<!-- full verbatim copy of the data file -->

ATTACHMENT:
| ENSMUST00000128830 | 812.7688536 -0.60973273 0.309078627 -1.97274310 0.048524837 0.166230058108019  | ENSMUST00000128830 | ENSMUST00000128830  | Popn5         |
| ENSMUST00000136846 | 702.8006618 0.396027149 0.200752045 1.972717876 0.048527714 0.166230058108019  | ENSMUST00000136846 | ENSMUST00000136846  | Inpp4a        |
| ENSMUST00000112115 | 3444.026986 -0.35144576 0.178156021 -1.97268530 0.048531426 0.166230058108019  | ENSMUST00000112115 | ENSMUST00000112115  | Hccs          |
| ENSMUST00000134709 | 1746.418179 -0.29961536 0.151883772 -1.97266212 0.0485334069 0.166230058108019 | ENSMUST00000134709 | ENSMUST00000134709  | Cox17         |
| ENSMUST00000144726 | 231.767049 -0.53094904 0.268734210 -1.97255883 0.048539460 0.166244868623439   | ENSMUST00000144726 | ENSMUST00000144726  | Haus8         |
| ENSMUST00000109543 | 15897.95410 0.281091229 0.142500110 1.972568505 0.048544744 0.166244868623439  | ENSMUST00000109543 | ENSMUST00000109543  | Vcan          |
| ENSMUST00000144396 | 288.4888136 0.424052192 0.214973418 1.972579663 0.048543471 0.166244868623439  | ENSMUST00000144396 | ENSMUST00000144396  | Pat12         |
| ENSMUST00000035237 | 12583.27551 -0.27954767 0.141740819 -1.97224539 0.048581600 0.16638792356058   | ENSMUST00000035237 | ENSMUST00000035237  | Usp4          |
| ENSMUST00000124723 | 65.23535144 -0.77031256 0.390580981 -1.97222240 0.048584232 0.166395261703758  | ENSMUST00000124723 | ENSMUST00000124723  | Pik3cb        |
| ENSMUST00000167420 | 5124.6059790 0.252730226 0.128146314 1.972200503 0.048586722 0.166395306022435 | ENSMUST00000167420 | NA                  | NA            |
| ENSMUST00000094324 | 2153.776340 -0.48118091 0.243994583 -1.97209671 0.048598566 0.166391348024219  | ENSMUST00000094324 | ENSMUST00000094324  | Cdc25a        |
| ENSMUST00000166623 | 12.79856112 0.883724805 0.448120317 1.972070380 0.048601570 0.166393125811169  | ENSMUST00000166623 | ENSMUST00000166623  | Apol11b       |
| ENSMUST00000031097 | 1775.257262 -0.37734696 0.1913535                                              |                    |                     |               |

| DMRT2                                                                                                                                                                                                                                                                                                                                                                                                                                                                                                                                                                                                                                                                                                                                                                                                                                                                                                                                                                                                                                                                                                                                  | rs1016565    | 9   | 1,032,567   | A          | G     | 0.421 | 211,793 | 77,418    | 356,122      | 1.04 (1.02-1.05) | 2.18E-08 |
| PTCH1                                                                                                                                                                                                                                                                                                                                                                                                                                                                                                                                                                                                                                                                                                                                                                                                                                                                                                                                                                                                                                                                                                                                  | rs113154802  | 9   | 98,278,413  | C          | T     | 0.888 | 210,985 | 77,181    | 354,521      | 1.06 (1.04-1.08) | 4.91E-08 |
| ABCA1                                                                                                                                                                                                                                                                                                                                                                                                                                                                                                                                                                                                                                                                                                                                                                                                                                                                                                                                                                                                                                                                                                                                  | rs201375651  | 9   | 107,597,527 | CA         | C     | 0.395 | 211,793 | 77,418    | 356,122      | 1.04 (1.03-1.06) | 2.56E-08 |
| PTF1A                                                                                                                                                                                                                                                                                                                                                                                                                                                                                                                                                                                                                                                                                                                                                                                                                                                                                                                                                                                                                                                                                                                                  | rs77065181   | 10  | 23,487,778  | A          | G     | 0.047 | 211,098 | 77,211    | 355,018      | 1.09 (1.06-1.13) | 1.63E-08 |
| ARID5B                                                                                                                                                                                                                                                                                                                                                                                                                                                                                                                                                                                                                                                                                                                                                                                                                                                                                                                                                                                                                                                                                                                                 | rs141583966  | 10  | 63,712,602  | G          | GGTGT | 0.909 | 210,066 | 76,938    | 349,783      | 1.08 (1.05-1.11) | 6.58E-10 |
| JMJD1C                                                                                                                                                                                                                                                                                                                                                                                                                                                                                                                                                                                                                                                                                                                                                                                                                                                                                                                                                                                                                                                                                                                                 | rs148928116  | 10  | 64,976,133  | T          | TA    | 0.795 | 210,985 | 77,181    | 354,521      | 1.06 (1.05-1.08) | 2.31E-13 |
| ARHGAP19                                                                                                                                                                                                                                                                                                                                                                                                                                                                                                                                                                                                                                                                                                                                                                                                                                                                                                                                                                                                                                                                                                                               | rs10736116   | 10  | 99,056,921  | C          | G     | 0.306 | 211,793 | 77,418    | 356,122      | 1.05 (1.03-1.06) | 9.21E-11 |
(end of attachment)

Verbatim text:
| ENSMUST00000128830 | 812.7688536 -0.60973273 0.309078627 -1.97274310 0.048524837 0.166230058108019  | ENSMUST00000128830 | ENSMUST00000128830  | Popn5         |
| ENSMUST00000136846 | 702.8006618 0.396027149 0.200752045 1.972717876 0.048527714 0.166230058108019  | ENSMUST00000136846 | ENSMUST00000136846  | Inpp4a        |
| ENSMUST00000112115 | 3444.026986 -0.35144576 0.178156021 -1.97268530 0.048531426 0.166230058108019  | ENSMUST00000112115 | ENSMUST00000112115  | Hccs          |
| ENSMUST00000134709 | 1746.418179 -0.29961536 0.151883772 -1.97266212 0.0485334069 0.166230058108019 | ENSMUST00000134709 | ENSMUST00000134709  | Cox17         |
| ENSMUST00000144726 | 231.767049 -0.53094904 0.268734210 -1.97255883 0.048539460 0.166244868623439   | ENSMUST00000144726 | ENSMUST00000144726  | Haus8         |
| ENSMUST00000109543 | 15897.95410 0.281091229 0.142500110 1.972568505 0.048544744 0.166244868623439  | ENSMUST00000109543 | ENSMUST00000109543  | Vcan          |
| ENSMUST00000144396 | 288.4888136 0.424052192 0.214973418 1.972579663 0.048543471 0.166244868623439  | ENSMUST00000144396 | ENSMUST00000144396  | Pat12         |
| ENSMUST00000035237 | 12583.27551 -0.27954767 0.141740819 -1.97224539 0.048581600 0.16638792356058   | ENSMUST00000035237 | ENSMUST00000035237  | Usp4          |
| ENSMUST00000124723 | 65.23535144 -0.77031256 0.390580981 -1.97222240 0.048584232 0.166395261703758  | ENSMUST00000124723 | ENSMUST00000124723  | Pik3cb        |
| ENSMUST00000167420 | 5124.6059790 0.252730226 0.128146314 1.972200503 0.048586722 0.166395306022435 | ENSMUST00000167420 | NA                  | NA            |
| ENSMUST00000094324 | 2153.776340 -0.48118091 0.243994583 -1.97209671 0.048598566 0.166391348024219  | ENSMUST00000094324 | ENSMUST00000094324  | Cdc25a        |
| ENSMUST00000166623 | 12.79856112 0.883724805 0.448120317 1.972070380 0.048601570 0.166393125811169  | ENSMUST00000166623 | ENSMUST00000166623  | Apol11b       |
| ENSMUST00000031097 | 1775.257262 -0.37734696 0.1913535                                              |                    |                     |               |

| DMRT2                                                                                                                                                                                                                                                                                                                                                                                                                                                                                                                                                                                                                                                                                                                                                                                                                                                                                                                                                                                                                                                                                                                                  | rs1016565    | 9   | 1,032,567   | A          | G     | 0.421 | 211,793 | 77,418    | 356,122      | 1.04 (1.02-1.05) | 2.18E-08 |
| PTCH1                                                                                                                                                                                                                                                                                                                                                                                                                                                                                                                                                                                                                                                                                                                                                                                                                                                                                                                                                                                                                                                                                                                                  | rs113154802  | 9   | 98,278,413  | C          | T     | 0.888 | 210,985 | 77,181    | 354,521      | 1.06 (1.04-1.08) | 4.91E-08 |
| ABCA1                                                                                                                                                                                                                                                                                                                                                                                                                                                                                                                                                                                                                                                                                                                                                                                                                                                                                                                                                                                                                                                                                                                                  | rs201375651  | 9   | 107,597,527 | CA         | C     | 0.395 | 211,793 | 77,418    | 356,122      | 1.04 (1.03-1.06) | 2.56E-08 |
| PTF1A                                                                                                                                                                                                                                                                                                                                                                                                                                                                                                                                                                                                                                                                                                                                                                                                                                                                                                                                                                                                                                                                                                                                  | rs77065181   | 10  | 23,487,778  | A          | G     | 0.047 | 211,098 | 77,211    | 355,018      | 1.09 (1.06-1.13) | 1.63E-08 |
| ARID5B                                                                                                                                                                                                                                                                                                                                                                                                                                                                                                                                                                                                                                                                                                                                                                                                                                                                                                                                                                                                                                                                                                                                 | rs141583966  | 10  | 63,712,602  | G          | GGTGT | 0.909 | 210,066 | 76,938    | 349,783      | 1.08 (1.05-1.11) | 6.58E-10 |
| JMJD1C                                                                                                                                                                                                                                                                                                                                                                                                                                                                                                                                                                                                                                                                                                                                                                                                                                                                                                                                                                                                                                                                                                                                 | rs148928116  | 10  | 64,976,133  | T          | TA    | 0.795 | 210,985 | 77,181    | 354,521      | 1.06 (1.05-1.08) | 2.31E-13 |
| ARHGAP19                                                                                                                                                                                                                                                                                                                                                                                                                                                                                                                                                                                                                                                                                                                                                                                                                                                                                                                                                                                                                                                                                                                               | rs10736116   | 10  | 99,056,921  | C          | G     | 0.306 | 211,793 | 77,418    | 356,122      | 1.05 (1.03-1.06) | 9.21E-11 |